‘Strict’ NCC regulations slow down Ashcroft’s downtown development
A local builder is adjusting to a different sort of landlord as it prepares for a delayed start to construction on buildings it believes will begin the revitalization of a central area of downtown Ottawa.
Ashcroft Homes has been working with the National Capital Commission, a Crown corporation that administers much of the land owned by the federal government in the city, on what it calls the Canlands A project on Sparks Street.
Although the project began with promise four years ago, Ashcroft has yet to begin construction in earnest, more than 10 months after the originally planned start date of December 2011.
The Mierins family established their foundation in 2018 and felt it was their obligation to support the new state-of-the-art hospital.
This is in part because of the learning curve the builder has gone through to discover how best to get the approvals that are required for building on NCC-controlled land, said Paul Rothwell, Ashcroft’s director of planning and development.
“The difference really comes to roost when you’re wanting to build momentum. This trickles all the way down into what we think, from time to time, to be routine matters, where you’ve then got to share it all with the NCC and await their response,” he said. “That can be a challenge.”
The plan calls for the construction of two buildings – one six storeys, the other 16 – that would allow people to live and shop in an area until now known more for the surrounding office space.
Canlands A is one of the NCC’s two “revitalization” projects, according to the Crown corporation’s most recent corporate plan, with the other taking place at Lebreton Flats.
The NCC requires builders to consult with it closely as a means of maintaining the heritage status of Sparks Street and the other landmarks across the city for which it is responsible, said Roland Morin of the NCC.
“Ashcroft has submitted to us their plans, so we’re looking at the plans to make sure everything is confirmed with our conditions and we will go ahead with the project,” said Mr. Morin, the commission’s vice-president of real estate management.
Mr. Rothwell cited the approvals process for signage that advertises residential units for sale as an example of what he believed were “pretty strict” reporting requirements.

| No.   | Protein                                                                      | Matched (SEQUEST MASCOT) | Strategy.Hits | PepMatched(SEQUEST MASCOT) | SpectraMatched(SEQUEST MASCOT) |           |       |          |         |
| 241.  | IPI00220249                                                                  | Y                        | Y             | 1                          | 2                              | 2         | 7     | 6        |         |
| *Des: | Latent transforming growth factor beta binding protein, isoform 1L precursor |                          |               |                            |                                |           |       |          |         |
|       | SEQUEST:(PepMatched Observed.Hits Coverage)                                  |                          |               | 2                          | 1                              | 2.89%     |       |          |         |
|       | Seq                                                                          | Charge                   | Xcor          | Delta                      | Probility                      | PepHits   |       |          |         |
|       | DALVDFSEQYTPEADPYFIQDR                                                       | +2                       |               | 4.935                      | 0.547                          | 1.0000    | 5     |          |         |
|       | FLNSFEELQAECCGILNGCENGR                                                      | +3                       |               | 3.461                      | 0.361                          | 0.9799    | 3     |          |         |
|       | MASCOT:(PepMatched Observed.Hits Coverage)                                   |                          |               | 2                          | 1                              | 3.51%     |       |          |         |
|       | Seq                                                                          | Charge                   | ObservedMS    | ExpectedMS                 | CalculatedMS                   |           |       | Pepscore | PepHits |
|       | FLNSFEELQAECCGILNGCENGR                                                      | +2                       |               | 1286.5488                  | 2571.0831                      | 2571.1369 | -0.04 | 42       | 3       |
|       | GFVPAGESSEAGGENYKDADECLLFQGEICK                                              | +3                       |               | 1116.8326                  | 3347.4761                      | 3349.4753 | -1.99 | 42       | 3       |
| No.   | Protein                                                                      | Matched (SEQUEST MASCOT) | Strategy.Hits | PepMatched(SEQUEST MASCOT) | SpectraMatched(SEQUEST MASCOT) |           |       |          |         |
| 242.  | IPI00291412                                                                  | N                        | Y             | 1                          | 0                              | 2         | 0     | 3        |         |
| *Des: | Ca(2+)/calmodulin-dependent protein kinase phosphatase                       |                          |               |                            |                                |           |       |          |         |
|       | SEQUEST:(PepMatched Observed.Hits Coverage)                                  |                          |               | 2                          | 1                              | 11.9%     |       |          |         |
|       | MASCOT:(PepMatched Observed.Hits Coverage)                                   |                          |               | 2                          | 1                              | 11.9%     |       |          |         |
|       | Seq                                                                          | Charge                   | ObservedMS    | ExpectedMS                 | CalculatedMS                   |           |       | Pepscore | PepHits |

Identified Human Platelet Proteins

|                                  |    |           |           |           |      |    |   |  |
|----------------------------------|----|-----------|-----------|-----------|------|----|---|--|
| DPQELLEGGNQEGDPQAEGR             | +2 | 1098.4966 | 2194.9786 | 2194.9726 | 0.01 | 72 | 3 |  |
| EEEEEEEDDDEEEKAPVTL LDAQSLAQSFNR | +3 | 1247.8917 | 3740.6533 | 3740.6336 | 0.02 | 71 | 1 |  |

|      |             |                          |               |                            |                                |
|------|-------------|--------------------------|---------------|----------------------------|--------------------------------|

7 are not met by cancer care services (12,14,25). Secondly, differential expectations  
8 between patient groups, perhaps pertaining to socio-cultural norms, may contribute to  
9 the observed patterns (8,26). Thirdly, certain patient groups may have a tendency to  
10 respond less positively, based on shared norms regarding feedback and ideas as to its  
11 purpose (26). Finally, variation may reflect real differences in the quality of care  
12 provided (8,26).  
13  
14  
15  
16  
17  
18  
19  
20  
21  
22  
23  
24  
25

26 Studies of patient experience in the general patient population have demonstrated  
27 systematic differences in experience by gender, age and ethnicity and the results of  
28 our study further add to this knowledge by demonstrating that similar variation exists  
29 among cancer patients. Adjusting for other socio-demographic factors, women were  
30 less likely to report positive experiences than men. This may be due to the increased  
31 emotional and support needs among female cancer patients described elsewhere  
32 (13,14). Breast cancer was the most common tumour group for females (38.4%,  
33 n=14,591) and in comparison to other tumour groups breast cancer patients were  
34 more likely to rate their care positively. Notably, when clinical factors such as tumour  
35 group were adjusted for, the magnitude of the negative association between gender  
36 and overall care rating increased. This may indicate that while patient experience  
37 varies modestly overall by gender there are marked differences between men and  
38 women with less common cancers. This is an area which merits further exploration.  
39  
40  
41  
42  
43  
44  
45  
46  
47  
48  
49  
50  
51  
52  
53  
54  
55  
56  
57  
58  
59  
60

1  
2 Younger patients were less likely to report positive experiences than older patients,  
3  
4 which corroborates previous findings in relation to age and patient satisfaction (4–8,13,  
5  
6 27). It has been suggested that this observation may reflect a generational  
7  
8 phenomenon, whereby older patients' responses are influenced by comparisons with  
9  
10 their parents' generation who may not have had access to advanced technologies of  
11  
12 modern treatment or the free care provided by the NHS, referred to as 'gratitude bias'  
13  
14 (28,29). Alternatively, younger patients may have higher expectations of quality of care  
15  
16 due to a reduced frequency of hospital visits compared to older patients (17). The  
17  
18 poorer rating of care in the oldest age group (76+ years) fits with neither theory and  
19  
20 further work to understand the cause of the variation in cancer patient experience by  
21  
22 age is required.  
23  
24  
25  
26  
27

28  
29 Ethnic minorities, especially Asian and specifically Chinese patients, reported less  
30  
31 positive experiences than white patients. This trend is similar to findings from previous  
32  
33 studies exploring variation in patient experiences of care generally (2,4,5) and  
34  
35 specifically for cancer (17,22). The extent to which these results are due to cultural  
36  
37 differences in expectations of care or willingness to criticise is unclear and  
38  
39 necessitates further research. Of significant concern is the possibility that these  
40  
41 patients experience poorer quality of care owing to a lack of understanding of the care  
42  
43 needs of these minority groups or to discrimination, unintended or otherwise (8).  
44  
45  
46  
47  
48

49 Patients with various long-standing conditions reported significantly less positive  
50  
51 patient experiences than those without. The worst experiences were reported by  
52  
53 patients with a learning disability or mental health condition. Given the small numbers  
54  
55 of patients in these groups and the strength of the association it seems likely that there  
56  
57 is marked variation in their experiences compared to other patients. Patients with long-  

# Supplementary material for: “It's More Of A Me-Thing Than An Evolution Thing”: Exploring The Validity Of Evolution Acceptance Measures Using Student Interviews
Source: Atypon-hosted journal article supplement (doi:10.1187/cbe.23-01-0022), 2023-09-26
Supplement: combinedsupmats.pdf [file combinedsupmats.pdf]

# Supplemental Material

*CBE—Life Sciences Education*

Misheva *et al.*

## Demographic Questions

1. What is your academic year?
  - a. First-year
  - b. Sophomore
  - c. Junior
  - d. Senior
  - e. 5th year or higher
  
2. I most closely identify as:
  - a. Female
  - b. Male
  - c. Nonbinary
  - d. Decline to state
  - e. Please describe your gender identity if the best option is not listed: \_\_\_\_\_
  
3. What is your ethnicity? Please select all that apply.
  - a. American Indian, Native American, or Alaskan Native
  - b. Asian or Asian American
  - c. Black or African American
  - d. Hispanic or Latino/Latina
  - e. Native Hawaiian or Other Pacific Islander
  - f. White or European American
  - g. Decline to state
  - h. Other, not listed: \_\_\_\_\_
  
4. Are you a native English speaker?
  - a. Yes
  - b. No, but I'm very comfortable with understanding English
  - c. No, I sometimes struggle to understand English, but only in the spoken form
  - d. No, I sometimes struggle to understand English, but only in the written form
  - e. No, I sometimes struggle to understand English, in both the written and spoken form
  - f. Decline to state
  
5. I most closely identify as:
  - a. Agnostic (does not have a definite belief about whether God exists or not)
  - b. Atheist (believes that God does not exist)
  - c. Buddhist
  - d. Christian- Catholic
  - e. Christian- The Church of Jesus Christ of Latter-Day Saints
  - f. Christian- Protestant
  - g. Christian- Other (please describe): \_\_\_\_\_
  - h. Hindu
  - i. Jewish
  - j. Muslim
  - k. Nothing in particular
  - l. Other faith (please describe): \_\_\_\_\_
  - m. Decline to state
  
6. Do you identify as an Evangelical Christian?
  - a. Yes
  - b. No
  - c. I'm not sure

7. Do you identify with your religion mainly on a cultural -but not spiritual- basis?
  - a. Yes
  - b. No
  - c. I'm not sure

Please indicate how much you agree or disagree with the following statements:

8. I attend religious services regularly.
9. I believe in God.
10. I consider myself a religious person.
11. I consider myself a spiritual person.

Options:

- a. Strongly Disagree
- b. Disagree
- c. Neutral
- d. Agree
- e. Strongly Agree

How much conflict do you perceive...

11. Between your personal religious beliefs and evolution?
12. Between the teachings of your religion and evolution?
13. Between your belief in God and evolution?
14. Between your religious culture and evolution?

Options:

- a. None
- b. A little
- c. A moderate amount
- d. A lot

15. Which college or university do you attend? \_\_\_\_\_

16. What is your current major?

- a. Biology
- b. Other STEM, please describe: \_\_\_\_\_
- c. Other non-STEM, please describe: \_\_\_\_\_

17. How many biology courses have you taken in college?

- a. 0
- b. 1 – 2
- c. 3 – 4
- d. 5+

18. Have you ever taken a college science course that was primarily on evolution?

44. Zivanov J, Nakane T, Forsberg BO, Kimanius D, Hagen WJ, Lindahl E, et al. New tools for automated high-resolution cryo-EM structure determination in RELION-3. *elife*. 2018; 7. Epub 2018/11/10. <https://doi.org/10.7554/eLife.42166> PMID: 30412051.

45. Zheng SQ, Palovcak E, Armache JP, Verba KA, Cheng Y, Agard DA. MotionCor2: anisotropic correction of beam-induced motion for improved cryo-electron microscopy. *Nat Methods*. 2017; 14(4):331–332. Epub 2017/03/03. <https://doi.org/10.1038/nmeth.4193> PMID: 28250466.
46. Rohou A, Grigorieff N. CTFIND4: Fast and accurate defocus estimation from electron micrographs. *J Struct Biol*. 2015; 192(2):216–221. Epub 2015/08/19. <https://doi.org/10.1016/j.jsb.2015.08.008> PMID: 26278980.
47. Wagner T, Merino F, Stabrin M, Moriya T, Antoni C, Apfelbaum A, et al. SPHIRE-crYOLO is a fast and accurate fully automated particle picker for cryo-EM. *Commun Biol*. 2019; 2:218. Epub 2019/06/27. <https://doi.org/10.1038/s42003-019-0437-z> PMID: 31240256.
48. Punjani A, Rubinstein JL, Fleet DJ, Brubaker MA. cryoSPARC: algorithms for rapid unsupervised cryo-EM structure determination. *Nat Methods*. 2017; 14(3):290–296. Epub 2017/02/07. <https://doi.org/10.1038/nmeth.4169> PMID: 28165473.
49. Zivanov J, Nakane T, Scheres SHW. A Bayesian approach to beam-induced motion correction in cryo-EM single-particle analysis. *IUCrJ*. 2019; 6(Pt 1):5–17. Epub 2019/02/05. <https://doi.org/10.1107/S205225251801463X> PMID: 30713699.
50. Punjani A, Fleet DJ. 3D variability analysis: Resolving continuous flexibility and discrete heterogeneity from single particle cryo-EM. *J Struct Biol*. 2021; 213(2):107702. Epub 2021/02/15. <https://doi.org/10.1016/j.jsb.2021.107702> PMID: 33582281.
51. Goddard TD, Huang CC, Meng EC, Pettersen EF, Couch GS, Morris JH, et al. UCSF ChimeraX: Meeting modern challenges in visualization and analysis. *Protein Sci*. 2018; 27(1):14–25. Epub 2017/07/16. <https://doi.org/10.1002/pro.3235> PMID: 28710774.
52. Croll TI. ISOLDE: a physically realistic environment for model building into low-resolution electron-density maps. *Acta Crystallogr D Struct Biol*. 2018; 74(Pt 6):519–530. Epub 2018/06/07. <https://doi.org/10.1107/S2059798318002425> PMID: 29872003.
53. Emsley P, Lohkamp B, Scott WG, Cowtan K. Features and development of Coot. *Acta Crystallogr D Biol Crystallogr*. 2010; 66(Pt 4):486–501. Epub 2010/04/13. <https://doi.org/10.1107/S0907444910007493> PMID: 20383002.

On property it owns, Ashcroft would be able to simply print off the signs and put them up. With the Canlands A project, however, Ashcroft employees first need to send the designs to the NCC and wait for their approval before they can do so.
“It’s another layer that, when you’re the landowner, simply doesn’t exist,” said Mr. Rothwell.
Nevertheless, he stressed that Ashcroft still has a good working relationship with NCC officials and that most of the difficulty comes from the rules and regulations the commission has on the books.
Learning to work with the NCC hasn’t been the only delay, said Mr. Rothwell. The project has also been set back by the logistics of moving the power supply for neighbouring buildings away from the site, as well as the approvals process with the City of Ottawa.
He said Ashcroft is still planning to have the project completed by the originally scheduled opening of December 2013, despite the delays. Mr. Rothwell estimated Ashcroft has sold about 80 per cent of the condominium units, adding that he believes all the trouble of getting approvals from the NCC will be worth it.
The combination of condo units and rentals, as well as commercial space, offices and a hotel, would bring to life an area that is usually only busy during the hours people are at work in the area, he said.